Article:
Right heart catheterization was performed by the same experienced cardiologist (RAK) in the cardiac catheterization laboratories at the 2 medical centers, using a single end-hole, balloon flotation catheter (either Bard Pulmonary Wedge Catheter [Medtronic; Minneapolis, Minnesota] or Balloon Wedge Pressure Catheter [Arrow International, Inc; Cleveland, Ohio]). Contrast injections during left heart catheterization, if performed, followed all hemodynamic measurements. Standard hemodynamic measurements from right heart catheterization were obtained, including mean right atrial pressure, right ventricular, systolic and diastolic pressures, pulmonary artery systolic, diastolic and mean pressures, and mean pulmonary capillary wedge pressure. Mean arterial blood pressure, cardiac index, pulmonary vascular resistance, systemic vascular resistance, and response to vasodilator challenge were also recorded in the database when indicated.

All echocardiograms were performed within 30 days of cardiac catheterization using a phase-arrayed scanner with a 4- or 8-MHz transducer, depending on body habitus and image quality. Standard 2-dimensional images were obtained in the parasternal long- and short-axis views, apical 2- and 4-chamber views, and subcostal view, and Doppler gradients were obtained to estimate valvular gradients. Assessment of right ventricular size was reported as a grade from 0 to 3, where 0 = normal, 1 = mildly enlarged, 2 = moderately enlarged, and 3 = severely enlarged. Right ventricular function was graded on a 4-point scale for systolic dysfunction, where 0 = no dysfunction, 1 = mild dysfunction, 2 = moderate dysfunction, and 3 = severe dysfunction. The degree of tricuspid regurgitation was determined using color-flow Doppler and assigned a grade from 0 to 4+, depending on the extent of color flow relative to the right atrial area. Estimated right ventricular pressures were obtained by applying continuous wave Doppler to the tricuspid regurgitation jet to the Bernoulli equation and added to the estimated right atrial pressure. If tricuspid regurgitation velocity could not be adequately visualized by color Doppler, saline microbubbles were injected to improve image quality. Saline microbubble injection was also used to assess for intracardiac shunting if flow across the interatrial septum was noted by color Doppler on subcostal imaging. Assessments were made by experienced imaging cardiologists at both academic medical centers.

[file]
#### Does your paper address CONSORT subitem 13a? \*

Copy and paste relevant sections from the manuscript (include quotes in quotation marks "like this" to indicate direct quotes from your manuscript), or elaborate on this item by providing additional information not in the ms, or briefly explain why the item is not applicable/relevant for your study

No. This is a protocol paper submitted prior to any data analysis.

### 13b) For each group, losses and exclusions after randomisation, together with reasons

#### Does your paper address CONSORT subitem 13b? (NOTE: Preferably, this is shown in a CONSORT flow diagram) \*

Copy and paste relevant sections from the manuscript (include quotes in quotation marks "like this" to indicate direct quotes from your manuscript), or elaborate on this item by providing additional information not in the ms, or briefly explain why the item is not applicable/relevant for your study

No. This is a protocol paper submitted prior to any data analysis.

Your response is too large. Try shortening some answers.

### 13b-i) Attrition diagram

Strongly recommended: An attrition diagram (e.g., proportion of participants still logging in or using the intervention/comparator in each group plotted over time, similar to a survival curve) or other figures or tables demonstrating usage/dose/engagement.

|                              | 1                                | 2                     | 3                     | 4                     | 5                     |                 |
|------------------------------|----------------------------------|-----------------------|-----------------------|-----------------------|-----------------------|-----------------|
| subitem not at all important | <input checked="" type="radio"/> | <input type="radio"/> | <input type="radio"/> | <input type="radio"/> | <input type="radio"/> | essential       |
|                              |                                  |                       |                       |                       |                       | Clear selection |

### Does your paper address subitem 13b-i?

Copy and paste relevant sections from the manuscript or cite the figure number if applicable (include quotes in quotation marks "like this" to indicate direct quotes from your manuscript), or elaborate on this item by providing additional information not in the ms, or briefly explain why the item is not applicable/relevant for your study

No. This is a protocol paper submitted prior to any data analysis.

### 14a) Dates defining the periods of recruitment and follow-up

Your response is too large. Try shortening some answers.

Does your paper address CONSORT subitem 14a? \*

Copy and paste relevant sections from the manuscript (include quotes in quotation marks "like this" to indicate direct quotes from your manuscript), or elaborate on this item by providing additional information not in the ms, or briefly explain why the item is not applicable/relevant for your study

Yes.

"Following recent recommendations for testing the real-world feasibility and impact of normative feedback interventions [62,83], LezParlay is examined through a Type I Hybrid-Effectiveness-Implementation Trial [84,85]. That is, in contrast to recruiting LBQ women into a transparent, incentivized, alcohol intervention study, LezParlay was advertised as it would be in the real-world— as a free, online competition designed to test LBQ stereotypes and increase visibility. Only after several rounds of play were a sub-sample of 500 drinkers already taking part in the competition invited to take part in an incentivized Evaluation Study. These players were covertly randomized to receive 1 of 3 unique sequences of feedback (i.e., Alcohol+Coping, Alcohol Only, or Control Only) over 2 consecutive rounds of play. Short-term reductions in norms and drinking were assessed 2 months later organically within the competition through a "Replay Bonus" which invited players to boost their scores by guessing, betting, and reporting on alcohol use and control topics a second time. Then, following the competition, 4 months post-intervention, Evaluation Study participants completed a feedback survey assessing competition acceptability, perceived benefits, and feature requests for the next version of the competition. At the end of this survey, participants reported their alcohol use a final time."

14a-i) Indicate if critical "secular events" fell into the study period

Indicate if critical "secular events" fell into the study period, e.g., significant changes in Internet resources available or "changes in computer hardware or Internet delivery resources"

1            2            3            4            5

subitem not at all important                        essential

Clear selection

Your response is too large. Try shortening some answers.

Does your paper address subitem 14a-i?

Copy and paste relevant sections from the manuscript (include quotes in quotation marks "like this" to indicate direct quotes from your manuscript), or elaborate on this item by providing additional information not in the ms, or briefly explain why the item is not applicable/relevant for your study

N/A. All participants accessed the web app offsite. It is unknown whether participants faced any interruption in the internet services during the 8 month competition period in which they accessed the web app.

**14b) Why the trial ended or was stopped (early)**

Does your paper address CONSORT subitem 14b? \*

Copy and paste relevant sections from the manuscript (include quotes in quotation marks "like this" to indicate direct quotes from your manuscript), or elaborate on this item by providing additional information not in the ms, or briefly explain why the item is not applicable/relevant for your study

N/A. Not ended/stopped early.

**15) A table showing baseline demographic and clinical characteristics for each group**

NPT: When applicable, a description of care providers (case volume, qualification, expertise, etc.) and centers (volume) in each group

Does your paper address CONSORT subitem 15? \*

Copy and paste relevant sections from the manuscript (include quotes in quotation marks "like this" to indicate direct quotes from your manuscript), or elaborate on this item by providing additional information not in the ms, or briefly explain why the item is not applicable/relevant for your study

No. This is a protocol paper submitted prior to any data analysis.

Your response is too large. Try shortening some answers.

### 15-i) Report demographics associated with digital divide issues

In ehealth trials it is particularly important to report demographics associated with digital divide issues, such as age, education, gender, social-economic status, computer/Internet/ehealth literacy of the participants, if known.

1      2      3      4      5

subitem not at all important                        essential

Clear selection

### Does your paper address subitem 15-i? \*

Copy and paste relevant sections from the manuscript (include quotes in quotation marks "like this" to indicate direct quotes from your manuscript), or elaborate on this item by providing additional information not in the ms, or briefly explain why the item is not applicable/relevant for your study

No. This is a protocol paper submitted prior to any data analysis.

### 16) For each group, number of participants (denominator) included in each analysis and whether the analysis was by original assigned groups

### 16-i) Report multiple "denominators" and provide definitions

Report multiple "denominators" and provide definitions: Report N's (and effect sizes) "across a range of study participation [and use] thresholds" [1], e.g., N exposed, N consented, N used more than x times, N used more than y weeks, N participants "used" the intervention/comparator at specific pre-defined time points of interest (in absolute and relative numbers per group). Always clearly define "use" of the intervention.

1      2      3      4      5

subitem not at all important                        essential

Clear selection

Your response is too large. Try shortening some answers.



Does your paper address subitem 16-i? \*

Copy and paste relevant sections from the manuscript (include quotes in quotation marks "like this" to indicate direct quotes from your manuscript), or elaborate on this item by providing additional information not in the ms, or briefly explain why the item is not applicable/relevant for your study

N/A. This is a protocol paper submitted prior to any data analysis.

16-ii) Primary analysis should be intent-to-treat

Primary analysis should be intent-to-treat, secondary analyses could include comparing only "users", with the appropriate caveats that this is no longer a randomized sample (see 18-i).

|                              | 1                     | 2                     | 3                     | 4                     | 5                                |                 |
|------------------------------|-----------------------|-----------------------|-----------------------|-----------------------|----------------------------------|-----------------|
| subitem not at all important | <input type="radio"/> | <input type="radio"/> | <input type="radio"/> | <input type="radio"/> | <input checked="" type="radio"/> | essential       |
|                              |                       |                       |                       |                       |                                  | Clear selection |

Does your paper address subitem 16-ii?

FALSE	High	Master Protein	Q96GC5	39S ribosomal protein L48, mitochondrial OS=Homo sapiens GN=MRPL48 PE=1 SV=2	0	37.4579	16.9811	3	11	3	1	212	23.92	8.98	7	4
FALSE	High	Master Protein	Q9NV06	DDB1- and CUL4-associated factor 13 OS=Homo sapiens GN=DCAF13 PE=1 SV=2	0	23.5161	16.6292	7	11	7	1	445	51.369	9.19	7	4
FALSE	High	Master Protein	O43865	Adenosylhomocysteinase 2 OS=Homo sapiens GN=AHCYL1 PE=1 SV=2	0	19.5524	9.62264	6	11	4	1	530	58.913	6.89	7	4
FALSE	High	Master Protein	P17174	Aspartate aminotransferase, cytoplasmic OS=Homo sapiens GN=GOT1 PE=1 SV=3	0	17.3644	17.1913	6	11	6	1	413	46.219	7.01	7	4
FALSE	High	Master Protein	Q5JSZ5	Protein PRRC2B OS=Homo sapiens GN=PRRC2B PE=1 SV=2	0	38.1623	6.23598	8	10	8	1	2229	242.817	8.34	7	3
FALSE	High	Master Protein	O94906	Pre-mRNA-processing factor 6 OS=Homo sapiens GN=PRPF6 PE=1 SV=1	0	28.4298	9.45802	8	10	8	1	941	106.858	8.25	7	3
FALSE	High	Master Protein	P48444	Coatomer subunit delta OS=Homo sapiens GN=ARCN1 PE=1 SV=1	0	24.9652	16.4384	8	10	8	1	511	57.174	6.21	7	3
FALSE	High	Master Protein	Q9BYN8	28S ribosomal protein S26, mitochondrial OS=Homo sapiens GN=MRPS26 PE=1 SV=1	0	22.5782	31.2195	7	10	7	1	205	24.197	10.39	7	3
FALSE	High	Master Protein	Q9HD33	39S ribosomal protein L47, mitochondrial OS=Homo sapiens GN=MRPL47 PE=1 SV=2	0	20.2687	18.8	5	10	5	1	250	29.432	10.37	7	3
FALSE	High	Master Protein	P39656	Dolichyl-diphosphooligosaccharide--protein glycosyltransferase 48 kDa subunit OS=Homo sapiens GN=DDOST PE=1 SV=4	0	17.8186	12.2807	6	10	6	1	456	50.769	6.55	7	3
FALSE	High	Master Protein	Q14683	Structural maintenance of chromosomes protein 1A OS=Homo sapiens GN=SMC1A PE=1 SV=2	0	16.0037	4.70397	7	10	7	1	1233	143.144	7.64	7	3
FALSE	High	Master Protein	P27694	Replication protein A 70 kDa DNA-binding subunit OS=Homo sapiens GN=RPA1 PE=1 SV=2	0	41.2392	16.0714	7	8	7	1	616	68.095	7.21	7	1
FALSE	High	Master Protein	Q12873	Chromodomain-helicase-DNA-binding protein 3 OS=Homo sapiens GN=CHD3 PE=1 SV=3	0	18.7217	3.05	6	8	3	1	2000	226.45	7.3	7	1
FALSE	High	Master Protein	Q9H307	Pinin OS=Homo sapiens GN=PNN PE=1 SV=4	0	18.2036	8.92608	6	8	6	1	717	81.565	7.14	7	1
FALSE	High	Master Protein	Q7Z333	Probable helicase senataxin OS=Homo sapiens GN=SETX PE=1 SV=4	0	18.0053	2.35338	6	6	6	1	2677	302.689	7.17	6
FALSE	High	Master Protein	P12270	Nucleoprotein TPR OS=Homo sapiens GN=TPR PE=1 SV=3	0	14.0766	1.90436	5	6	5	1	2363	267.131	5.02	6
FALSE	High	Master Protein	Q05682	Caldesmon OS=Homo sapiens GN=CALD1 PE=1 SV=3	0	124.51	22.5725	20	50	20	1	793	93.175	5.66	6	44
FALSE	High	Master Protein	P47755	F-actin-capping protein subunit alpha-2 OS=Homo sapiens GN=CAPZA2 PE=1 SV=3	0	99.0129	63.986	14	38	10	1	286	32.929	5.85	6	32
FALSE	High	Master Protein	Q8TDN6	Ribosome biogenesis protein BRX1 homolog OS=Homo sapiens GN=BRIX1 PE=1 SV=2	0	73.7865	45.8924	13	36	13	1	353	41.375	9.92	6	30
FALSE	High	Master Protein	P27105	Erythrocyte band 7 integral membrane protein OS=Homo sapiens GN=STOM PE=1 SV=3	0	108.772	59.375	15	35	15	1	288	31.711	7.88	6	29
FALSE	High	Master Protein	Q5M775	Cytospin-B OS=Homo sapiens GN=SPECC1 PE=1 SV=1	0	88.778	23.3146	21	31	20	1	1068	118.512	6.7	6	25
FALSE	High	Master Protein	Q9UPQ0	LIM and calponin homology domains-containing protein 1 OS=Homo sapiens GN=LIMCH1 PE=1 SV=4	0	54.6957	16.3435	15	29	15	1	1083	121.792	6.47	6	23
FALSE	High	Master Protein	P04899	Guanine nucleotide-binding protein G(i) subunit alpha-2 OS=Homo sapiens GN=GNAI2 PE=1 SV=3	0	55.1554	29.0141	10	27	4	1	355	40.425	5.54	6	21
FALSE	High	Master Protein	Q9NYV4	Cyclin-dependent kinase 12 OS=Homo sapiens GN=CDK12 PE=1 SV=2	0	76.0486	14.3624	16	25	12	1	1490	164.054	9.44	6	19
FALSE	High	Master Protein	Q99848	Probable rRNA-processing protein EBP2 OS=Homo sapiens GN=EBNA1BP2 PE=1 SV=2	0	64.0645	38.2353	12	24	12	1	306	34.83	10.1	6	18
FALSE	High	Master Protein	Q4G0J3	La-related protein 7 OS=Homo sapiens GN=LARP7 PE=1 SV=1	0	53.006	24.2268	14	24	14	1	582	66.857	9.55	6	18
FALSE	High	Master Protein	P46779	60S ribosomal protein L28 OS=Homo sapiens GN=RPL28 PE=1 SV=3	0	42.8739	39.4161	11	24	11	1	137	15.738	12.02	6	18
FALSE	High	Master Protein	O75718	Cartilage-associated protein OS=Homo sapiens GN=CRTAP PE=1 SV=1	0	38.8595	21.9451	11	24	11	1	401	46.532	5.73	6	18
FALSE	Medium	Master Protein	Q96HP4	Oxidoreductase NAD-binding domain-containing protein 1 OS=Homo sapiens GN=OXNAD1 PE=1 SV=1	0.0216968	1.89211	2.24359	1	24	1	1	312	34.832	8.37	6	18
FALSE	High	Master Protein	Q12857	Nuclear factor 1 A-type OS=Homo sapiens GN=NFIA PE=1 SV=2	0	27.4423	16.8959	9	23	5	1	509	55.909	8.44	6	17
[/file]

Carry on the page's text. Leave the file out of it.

Pulmonary hypertension work-up for all patients also included chest radiography, (chest computed tomography if chest radiography was abnormal), ventilation-perfusion scanning, full pulmonary function testing, electrocardiography, and echocardiography, in addition to catheterization. Test results, demographics, and medical histories were obtained from medical records and entered in the database. Insurance status at the time of the assessment was recorded as either Medicare, Medicaid, private, or self-pay, and confirmed by appointment schedulers at the time of the initial appointment. Race was self-reported at the time of catheterization. Long-term survival was assessed using electronic health records and confirmed using the Social Security Death Index. Variables of interest included the following: idiopathic pulmonary arterial hypertension (no attributable etiology of pulmonary hypertension), New York Heart Association (NYHA) class (functional class 1: no symptoms and class 4: severe symptoms), systemic hypertension and atrial fibrillation (by medical history), serum sodium and creatinine (venous laboratory values drawn at time of heart catheterization), and arterial oxygen saturation (obtained by femoral arterial blood sample at time of heart catheterization).